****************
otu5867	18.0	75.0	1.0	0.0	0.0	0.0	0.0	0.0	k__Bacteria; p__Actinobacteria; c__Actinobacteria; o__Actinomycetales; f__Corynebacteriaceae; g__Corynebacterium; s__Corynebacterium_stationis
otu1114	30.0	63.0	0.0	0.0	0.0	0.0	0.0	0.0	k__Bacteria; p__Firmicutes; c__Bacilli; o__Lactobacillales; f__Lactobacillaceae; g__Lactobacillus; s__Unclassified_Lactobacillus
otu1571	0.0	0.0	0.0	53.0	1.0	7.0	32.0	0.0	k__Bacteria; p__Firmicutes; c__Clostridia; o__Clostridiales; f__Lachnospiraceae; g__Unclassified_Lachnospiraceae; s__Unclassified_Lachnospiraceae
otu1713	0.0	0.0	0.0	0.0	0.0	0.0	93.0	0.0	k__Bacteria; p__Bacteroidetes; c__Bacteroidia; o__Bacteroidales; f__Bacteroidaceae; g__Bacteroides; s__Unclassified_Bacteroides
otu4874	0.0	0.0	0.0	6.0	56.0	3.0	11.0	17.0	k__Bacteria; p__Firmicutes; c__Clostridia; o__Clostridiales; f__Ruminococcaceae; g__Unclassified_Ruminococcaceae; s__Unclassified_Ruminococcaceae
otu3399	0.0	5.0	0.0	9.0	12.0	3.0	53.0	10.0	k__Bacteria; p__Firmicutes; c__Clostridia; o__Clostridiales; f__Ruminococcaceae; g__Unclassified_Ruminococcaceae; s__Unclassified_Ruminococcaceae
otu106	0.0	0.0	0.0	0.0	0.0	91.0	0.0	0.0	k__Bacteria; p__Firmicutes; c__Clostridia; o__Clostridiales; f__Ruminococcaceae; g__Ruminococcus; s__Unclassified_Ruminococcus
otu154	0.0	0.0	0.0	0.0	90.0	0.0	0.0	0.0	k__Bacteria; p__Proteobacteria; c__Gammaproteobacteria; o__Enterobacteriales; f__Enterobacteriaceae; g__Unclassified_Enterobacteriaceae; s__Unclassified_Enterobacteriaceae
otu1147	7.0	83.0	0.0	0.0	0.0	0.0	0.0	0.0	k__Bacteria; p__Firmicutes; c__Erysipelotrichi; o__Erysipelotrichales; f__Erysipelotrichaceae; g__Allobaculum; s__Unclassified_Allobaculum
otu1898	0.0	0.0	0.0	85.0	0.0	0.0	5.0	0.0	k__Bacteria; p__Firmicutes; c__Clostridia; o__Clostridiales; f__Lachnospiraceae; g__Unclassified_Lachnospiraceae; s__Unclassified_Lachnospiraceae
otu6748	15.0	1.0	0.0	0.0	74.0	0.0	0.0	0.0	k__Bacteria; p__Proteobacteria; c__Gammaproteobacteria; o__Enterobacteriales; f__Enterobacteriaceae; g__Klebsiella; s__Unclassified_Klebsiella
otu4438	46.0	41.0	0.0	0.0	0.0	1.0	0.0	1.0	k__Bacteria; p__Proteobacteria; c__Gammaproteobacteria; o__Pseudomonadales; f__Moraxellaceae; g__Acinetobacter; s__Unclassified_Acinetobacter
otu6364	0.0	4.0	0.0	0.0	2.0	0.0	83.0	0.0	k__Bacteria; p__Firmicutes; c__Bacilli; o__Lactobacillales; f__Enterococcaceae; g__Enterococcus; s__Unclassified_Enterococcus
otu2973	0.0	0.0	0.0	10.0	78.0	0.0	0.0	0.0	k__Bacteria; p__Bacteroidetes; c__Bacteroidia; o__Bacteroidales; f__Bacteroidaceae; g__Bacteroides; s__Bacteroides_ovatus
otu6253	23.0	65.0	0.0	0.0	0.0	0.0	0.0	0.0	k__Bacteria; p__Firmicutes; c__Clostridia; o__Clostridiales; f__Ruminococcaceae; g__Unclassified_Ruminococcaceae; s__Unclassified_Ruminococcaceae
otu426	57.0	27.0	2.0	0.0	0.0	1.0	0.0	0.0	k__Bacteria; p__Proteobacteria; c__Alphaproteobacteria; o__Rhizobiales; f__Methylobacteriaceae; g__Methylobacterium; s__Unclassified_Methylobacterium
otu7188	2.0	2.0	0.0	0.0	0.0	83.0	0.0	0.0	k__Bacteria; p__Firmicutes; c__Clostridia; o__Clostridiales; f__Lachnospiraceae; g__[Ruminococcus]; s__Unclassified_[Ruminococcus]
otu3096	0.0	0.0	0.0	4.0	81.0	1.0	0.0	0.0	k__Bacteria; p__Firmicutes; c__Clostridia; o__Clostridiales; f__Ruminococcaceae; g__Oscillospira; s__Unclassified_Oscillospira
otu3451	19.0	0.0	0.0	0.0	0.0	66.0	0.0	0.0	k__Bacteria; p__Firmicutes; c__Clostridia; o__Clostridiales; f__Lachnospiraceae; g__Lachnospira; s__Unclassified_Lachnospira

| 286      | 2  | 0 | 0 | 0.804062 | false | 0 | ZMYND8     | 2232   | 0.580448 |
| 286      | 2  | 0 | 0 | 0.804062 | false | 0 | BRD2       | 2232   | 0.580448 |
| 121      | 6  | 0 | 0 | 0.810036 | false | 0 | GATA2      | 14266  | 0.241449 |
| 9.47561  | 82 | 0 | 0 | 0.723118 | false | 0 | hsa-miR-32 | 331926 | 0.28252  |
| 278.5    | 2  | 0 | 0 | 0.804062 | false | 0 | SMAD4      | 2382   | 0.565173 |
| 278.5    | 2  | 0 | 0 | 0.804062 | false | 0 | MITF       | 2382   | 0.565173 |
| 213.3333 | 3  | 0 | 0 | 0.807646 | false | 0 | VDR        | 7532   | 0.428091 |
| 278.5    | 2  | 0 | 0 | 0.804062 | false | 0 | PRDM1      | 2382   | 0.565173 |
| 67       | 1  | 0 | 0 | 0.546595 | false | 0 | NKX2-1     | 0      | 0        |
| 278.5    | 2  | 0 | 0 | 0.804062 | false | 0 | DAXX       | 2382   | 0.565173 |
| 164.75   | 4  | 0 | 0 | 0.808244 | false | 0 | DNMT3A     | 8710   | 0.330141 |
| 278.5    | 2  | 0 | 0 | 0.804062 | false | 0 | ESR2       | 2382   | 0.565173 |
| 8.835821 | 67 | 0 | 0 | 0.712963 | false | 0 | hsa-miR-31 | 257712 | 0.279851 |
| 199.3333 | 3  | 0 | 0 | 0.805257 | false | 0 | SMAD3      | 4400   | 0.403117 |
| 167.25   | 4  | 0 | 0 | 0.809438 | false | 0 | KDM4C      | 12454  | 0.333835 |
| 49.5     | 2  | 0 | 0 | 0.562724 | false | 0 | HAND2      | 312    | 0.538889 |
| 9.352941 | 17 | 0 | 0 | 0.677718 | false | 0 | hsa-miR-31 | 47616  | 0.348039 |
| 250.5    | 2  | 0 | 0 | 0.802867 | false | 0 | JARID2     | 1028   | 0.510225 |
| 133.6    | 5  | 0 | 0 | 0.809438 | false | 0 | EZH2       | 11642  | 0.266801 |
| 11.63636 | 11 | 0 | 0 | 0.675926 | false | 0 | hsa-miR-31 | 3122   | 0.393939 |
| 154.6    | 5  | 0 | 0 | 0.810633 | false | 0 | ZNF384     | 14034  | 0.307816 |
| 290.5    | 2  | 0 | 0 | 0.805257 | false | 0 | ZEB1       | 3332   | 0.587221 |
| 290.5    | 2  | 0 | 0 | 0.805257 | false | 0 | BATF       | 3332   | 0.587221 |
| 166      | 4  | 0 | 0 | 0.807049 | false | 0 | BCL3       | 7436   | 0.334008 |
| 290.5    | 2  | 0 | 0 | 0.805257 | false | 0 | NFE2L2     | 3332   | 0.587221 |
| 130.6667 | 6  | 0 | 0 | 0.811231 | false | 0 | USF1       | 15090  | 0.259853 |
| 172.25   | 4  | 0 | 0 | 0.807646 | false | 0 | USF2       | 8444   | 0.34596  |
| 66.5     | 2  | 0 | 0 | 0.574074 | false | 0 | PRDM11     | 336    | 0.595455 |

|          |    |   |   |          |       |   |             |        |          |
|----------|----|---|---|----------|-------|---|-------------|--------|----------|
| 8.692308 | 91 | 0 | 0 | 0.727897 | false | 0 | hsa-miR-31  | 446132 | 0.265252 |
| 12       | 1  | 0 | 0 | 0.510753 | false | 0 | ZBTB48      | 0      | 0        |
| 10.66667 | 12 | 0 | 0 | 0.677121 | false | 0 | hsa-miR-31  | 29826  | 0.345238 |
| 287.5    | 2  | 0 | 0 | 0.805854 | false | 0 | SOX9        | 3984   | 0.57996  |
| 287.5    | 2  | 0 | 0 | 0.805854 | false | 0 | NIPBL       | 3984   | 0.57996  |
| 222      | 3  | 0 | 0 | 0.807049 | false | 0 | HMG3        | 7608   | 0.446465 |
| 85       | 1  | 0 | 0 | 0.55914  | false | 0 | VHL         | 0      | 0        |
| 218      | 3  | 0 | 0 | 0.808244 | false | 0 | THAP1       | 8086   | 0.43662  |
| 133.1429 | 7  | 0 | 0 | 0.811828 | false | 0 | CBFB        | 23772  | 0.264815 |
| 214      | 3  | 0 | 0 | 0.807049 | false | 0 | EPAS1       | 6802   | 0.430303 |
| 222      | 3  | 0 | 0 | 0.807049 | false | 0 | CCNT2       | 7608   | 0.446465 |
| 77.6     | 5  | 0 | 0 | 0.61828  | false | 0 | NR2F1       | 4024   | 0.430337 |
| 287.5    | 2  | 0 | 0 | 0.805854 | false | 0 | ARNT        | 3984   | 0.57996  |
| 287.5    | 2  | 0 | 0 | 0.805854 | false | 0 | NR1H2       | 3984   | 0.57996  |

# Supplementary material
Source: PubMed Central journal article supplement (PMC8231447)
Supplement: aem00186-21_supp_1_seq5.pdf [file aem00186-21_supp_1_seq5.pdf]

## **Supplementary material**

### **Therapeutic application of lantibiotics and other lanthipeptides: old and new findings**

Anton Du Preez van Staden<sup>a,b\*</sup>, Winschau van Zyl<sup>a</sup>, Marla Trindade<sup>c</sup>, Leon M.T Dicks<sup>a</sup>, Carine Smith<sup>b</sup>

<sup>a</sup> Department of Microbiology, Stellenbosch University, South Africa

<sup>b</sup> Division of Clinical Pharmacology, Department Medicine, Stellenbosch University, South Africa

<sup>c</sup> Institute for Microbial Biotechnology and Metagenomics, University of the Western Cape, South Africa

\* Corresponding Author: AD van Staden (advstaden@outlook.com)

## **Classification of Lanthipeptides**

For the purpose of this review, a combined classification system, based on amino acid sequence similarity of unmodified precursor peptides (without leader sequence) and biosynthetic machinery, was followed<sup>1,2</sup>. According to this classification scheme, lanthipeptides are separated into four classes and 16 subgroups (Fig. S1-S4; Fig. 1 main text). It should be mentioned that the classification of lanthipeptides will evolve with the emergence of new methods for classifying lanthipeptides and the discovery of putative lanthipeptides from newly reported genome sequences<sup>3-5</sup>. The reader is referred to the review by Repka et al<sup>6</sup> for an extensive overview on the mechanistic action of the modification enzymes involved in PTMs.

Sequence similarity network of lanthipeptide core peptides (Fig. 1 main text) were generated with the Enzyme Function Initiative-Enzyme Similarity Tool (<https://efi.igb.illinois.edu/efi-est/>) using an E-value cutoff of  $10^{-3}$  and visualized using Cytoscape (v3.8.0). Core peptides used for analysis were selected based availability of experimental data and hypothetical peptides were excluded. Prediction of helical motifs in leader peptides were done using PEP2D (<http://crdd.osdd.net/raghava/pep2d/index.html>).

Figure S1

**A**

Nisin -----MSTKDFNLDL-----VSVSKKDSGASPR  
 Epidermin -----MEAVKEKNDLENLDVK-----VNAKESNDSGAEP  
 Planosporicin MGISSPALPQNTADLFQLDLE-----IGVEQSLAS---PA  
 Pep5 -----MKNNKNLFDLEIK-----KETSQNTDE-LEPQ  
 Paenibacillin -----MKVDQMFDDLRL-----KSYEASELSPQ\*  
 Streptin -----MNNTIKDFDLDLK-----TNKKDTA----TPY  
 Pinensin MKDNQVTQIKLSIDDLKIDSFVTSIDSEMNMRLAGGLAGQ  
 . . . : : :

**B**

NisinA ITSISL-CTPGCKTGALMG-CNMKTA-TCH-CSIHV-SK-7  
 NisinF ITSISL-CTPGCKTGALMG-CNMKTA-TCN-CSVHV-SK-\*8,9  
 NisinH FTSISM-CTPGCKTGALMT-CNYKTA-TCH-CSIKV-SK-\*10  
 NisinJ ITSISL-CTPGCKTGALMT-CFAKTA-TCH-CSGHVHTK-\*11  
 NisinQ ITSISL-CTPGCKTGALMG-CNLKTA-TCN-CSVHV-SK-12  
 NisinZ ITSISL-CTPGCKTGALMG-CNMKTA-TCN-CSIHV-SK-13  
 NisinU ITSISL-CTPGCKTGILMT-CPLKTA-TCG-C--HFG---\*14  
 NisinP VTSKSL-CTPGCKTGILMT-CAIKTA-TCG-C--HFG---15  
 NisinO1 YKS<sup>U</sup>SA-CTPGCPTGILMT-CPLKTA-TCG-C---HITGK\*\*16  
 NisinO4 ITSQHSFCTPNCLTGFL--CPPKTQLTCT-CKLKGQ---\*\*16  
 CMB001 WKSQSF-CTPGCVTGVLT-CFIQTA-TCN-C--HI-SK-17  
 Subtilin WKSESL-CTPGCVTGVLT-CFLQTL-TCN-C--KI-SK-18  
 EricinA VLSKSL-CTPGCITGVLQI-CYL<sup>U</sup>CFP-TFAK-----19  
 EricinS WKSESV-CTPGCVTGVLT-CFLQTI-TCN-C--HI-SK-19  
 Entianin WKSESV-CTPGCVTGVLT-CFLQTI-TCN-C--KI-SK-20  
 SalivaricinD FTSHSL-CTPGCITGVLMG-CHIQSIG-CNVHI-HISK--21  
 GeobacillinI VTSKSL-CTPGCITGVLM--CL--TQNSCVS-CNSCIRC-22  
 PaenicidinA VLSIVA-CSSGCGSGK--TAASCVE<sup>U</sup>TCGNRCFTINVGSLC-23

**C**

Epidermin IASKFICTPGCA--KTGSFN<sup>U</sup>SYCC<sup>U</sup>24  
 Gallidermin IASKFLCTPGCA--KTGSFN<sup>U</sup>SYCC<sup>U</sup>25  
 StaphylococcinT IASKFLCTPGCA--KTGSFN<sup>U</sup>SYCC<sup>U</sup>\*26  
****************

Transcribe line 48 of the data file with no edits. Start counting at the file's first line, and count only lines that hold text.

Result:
|          |    |   |   |          |       |   |             |        |          |